Updated 7 pm CDT 7/9/2018:
Because of the attention of this post, I’m updating it to discuss the ongoing intense warming of the parts of the Arctic this week into next week and the implications on the mid-latitudes further. The heatwave in northern Siberia is receding, but heat is building in Northern Canada and Scandinavia this week. All the result of very strong, persistent high pressure systems, leading to surface temperatures 15-30 degrees F (8-17 C) above normal.
These anomalies, much like what occurred to a spectacular level in north-central and northeast Siberia translate to very warm temperatures for so far north of 60 N.
Arctic and Sub-Arctic Canada appears to go through the most significant impacts Monday-Thursday with temperatures into the above 79 F (26 C) and even approaching 90 F (32 F).
At the same time, Scandinavia and northwest Russia will also see significantly above normal temperatures of similar magnitude.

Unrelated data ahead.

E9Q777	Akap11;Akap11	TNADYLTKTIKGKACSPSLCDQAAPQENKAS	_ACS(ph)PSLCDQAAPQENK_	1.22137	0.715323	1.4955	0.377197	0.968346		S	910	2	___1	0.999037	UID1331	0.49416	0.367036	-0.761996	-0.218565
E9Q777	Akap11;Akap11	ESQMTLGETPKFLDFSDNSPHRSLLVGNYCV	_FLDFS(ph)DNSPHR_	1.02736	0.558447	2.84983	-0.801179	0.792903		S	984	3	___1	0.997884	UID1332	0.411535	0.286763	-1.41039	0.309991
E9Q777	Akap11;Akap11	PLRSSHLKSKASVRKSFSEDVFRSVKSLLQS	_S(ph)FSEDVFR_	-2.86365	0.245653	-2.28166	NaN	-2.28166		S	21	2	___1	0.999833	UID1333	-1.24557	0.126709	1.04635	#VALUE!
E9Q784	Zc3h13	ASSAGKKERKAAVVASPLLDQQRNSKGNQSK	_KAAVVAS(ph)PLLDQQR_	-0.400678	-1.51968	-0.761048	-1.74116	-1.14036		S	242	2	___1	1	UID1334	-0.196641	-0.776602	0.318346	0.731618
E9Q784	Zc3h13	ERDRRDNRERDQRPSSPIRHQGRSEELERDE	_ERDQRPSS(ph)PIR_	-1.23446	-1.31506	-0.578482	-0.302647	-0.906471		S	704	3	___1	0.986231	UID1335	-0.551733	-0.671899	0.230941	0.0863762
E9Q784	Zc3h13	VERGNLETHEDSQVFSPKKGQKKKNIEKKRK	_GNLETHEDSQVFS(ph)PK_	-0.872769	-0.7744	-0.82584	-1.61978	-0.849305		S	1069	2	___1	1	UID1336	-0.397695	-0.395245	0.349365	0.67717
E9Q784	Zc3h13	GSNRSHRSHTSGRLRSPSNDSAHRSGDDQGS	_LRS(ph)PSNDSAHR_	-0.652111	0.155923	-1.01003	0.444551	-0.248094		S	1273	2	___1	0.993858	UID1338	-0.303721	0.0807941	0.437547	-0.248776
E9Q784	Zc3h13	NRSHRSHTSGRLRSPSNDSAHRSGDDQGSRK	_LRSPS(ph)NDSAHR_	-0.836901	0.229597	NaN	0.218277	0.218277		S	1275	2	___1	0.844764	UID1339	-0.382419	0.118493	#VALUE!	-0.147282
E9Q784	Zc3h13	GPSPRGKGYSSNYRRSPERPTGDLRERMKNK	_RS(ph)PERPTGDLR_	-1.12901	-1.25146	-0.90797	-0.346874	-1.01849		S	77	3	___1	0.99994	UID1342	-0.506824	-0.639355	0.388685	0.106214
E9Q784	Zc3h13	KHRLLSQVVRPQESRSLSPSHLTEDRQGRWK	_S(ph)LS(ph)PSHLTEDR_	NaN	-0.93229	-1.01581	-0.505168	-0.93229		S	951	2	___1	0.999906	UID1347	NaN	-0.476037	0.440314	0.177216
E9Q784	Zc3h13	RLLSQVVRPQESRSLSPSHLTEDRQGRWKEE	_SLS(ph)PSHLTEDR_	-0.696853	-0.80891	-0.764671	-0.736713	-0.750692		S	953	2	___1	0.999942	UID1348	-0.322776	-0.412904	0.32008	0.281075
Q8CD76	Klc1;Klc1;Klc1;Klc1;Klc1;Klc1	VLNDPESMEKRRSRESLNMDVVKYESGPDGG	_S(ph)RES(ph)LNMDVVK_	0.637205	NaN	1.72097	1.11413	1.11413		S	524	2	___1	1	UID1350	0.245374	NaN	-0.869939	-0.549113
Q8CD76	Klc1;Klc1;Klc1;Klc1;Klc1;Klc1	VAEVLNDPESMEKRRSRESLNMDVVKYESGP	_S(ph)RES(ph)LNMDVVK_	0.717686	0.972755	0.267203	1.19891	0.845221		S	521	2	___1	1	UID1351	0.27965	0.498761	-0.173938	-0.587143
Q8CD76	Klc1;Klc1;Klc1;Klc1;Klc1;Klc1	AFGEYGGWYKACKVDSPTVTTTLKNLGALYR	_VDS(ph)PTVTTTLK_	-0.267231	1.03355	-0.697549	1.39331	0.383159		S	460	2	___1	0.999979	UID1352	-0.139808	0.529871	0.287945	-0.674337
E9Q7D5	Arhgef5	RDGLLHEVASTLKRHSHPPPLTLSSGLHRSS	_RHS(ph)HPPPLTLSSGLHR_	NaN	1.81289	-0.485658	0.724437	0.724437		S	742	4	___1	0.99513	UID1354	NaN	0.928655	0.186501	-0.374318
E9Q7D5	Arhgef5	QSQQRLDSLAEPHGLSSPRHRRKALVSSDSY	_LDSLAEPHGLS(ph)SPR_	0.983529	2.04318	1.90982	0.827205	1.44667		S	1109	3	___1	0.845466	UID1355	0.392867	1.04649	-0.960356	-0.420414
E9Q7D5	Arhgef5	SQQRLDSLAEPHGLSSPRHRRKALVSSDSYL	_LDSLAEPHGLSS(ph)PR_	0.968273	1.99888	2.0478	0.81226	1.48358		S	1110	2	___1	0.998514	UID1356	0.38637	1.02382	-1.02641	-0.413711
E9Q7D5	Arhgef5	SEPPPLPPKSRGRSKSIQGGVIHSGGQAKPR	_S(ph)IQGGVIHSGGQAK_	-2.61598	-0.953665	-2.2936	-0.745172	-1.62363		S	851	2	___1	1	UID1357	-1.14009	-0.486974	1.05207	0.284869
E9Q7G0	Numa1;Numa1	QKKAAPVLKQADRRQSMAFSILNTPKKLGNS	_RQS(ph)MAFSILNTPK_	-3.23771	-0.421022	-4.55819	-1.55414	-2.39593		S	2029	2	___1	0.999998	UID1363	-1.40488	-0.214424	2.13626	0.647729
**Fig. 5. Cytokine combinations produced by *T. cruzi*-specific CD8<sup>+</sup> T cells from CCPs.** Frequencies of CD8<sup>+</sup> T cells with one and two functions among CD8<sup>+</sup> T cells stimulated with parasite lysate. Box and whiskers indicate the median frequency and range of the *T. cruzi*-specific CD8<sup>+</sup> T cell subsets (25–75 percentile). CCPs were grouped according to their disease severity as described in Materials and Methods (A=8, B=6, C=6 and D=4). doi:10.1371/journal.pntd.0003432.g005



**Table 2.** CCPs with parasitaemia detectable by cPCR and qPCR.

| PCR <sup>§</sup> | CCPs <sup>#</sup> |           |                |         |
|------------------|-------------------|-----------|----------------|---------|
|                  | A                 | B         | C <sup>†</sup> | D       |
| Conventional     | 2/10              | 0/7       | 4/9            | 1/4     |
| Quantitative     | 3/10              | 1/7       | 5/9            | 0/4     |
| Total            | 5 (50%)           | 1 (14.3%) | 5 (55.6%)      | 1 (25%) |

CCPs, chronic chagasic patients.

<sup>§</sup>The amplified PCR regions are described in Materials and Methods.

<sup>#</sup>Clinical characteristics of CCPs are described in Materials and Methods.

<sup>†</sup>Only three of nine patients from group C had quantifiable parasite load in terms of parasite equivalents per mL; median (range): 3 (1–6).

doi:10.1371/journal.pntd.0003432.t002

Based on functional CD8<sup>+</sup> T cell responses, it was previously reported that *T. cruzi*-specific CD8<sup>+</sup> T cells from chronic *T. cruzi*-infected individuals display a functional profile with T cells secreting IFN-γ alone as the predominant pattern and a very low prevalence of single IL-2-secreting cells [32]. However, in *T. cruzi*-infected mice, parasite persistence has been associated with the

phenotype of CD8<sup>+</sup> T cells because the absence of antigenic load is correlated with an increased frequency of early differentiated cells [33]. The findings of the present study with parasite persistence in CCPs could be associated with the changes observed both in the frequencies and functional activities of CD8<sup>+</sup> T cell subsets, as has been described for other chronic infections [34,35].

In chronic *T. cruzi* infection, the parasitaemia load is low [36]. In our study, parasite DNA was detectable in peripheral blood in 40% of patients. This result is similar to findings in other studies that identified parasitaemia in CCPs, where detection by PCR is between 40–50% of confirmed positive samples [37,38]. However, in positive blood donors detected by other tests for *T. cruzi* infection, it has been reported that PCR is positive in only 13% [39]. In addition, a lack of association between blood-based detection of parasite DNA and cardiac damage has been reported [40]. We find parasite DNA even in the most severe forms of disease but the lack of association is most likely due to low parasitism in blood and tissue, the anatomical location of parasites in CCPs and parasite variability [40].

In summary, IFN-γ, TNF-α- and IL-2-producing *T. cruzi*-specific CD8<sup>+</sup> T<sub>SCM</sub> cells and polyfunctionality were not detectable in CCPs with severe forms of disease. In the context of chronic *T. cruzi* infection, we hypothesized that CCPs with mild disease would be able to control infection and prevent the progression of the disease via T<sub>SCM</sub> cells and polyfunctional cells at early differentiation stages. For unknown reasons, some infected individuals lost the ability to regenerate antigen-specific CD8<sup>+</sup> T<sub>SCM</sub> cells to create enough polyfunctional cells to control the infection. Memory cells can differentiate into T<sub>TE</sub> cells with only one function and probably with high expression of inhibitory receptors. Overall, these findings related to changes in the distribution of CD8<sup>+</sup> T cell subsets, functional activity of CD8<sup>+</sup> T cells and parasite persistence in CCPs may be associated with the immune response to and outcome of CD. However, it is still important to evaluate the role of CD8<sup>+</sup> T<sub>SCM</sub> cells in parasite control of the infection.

All of this very abnormal heat over the high latitude landmasses, overspreading the peripheral seas of the Arctic Ocean continues to cause substantial and persistent decrease in daily sea ice volume in the Arctic and surrounding areas. Significant reductions are being caused by decreases in concentration of ice within the Arctic Ocean; ice which is also quite thin from months of abnormal warmth, including in the polar night. In addition, a major ocean cyclone struck the Beaufort Sea and part of the Central Arctic Basin over the weekend,bring in heat from the warm Pacific and eastern Siberia and churning up wave action under the influence of strong wind gusts over the open, ice-crusted sea.
Research by scientists such as Dr. Jennifer Francis of Rutgers University (recent recorded lecture discussing her research can be found here) have shown that decreasing sea ice can lead to a) progressively weaker jet stream with higher amplitude, slower-moving waves (atmospheric ridges and troughs) capable of producing more frequent extreme weather events (extreme heat, heavy rainfall patterns, etc) for weeks at a time. Also areas of very low extent and open compared to the past are hypothesized to enhance the very ridges of high pressure which produce extended hot, dry weather (research into this still ongoing). These ongoing effects are all a product of very abrupt changes in the Arctic climate over the past 20 yrs, which have to evolved to the point of effecting both Arctic and mid-latitude weather on meteorological timescales (several days or weeks).